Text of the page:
Soccerstoriesbook's Blog


THE PLUSH LIFE OF JUERGEN KLINSMANN

Juergen Klinsmann has agreed to a four-year contract extension that keeps him at the U.S. National Team helm through the next World Cup cycle and on until the end of 2018.  As part of the agreement announced by the U.S. Soccer Federation, Klinsmann also becomes technical director.

Appointed U.S. coach in mid-2011 following the dismissal of Bob Bradley, Klinsmann guided an overhauled American squad to a 2014 World Cup berth.  The U.S. finished first in the final round of the CONCACAF qualifiers (7-2-1) and went undefeated in winning the 2013 Gold Cup.  The team ended the year 16-4-2 overall, setting single-year marks for wins, winning percentage (.761) and consecutive victories (12).

“One of the reasons we hired Juergen as our head coach was to advance the program, and we’ve seen the initial stages of that happening on the field and also off the field in various areas,” said U.S. Soccer Federation President Sunil Gulati.  “In the past two years he has built a strong foundation from the senior team down to the youth teams and we want to continue to build on that success.”

Klinsmann reportedly is being paid $2.5 million a year on his current contract and can earn up to $10.5 million in bonuses depending on the USA’s performance at Brasil ’14.  [December 12]

Comment:  The comfortable throne reserved for the U.S. National Team coach just got a little more plush.

Since the Bora Milutinovic era, when the rest of the world started to pay attention to the Americans, the post has been derided by the international media and fellow coaches (some of them wishful suitors) as a job with none of the intense scrutiny and relentless criticism that hounds most every other national team boss.

Said soon-to-be fired Mexico coach Ricardo LaVolpe of the overall U.S. National Team atmosphere after losing a World Cup qualifier to the Yanks in 2005:  “Here, everyone’s interested in baseball and American football and many people didn’t even know that a soccer match was being played today.  So it’s easy for them, because they aren’t playing under any pressure.  My mother, my grandmother, or my great-grandmother could play in a team like that.”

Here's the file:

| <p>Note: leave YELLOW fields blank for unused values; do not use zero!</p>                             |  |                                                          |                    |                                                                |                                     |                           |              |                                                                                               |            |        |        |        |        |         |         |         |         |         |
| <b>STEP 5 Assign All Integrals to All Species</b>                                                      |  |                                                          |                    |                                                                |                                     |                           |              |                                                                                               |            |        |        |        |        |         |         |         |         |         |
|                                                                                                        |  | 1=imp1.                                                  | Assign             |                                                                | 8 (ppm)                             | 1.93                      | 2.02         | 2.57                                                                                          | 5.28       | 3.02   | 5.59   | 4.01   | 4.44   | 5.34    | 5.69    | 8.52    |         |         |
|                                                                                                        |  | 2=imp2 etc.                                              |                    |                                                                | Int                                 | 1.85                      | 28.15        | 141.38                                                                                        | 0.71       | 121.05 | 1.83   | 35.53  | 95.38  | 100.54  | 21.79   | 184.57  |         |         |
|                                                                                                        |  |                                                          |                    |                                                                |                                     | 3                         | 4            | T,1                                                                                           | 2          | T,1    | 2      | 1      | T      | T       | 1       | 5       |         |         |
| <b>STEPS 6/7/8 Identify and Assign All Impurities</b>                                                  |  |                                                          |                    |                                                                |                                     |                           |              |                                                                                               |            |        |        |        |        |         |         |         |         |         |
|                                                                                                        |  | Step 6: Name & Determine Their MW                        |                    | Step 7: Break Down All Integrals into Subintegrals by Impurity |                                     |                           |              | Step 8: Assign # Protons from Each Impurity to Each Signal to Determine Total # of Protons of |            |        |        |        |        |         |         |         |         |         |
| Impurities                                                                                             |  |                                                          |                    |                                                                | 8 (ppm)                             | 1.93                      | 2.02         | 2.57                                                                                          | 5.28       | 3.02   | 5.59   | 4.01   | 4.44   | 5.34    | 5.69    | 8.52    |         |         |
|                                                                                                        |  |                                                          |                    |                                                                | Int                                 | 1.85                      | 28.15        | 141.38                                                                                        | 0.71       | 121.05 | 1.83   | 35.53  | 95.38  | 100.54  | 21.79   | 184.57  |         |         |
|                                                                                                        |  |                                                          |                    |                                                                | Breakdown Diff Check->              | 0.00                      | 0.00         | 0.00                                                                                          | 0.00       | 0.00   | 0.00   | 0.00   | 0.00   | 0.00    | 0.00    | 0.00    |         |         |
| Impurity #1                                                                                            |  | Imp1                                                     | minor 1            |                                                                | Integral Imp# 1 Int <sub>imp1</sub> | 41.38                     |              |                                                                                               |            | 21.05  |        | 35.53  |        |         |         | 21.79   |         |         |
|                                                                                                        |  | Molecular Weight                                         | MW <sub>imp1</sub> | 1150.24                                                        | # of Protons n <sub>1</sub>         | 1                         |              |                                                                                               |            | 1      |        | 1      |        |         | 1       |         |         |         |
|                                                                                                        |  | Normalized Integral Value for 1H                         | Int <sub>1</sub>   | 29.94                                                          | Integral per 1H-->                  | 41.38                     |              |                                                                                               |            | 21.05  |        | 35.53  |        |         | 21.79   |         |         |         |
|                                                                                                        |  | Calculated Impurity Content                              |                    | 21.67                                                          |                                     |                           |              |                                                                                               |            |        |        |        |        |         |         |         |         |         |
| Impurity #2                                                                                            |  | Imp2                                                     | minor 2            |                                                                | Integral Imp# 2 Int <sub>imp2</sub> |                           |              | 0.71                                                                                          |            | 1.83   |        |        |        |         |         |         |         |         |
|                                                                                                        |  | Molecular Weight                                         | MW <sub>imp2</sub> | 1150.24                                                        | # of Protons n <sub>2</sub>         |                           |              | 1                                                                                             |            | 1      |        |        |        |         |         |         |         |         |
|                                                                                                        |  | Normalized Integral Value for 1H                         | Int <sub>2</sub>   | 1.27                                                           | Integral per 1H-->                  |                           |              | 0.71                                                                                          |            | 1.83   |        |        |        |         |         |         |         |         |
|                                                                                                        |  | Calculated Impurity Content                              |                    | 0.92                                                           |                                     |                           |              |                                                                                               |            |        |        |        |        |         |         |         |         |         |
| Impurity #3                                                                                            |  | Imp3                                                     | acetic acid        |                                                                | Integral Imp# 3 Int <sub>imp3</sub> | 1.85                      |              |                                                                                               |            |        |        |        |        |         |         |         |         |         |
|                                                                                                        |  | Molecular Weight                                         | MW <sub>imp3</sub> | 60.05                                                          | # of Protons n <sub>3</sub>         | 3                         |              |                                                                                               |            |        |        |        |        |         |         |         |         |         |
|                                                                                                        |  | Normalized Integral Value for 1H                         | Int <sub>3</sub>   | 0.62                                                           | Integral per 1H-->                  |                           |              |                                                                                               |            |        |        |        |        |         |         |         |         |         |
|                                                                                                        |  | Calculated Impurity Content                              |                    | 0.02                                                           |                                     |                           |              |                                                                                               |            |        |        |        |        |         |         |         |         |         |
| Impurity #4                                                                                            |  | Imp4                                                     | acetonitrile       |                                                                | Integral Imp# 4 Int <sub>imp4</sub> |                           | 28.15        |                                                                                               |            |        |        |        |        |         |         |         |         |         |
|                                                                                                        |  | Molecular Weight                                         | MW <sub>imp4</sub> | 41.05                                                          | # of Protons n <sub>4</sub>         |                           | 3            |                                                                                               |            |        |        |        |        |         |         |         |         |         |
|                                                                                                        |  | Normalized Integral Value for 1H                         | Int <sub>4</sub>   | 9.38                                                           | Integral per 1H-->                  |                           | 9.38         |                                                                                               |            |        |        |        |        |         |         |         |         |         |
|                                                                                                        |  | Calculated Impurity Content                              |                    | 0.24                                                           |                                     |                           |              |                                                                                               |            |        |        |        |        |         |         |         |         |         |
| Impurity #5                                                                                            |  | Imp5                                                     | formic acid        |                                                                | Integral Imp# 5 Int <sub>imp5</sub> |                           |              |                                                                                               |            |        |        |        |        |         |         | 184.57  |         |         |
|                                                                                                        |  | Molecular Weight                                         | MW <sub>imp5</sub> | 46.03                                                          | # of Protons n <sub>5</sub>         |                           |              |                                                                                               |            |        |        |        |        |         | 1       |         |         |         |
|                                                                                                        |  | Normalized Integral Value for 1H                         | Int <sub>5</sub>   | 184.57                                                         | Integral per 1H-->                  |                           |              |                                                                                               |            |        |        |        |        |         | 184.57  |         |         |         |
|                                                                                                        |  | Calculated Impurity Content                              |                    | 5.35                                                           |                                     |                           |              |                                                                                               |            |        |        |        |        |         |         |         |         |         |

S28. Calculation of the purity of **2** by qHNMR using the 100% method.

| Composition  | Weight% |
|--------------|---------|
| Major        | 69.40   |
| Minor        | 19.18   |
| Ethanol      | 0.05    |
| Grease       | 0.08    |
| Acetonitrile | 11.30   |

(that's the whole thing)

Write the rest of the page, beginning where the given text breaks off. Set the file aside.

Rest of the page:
We’ll assume that LaVolpe’s grandmother is Clint Dempsey and his great-grandmother is a good deal older, like Steve Cherundolo.

Then, more recently–last December–there was disgraced former France coach Raymond Domenech, who guided Les Bleus to the 2006 World Cup final and then watched his team mutiny and implode in a disgraceful three-and-out showing four years later.

“There’s a job I’d rather have,” Domenech said in an interview with But! Lyon.  “Besides, I know [Klinsmann], he knows and he doesn’t care.  This post is the coach of the United States.  I’d like to see this country.  Add to that, the Americans always qualify [for the World Cup].  At the same time, it is easy in North America:  there are only two games to qualify for the World Cup.  South America is already a paradise, but the North is even better!  You play Canada, Mexico.  You’ll walk in the Islands.”

We’ll never understand what Domenech meant by Canada, which is ranked 112th in the world and crashed in CONCACAF’s 2014 World Cup qualifiers two months before his comments.  That aside, he made his point.    Here, there is the lack of the breathless, relentless pressure that has made life miserable for everyone from Franz Beckenbauer to Michel Platini to Brazil’s once and future genius, Felipe “Big Phil” Scolari.  And it hasn’t done much for Miguel Herrera, the last in a string of four Mexico coaches run through the grinder from September to November.

While the U.S. National Team is years away from having the support–and scrutiny–of a majority of the country, the resulting atmosphere has spared the USSF the temptation to make panicky dismissals of its coaches and allowed those coaches to go about their business.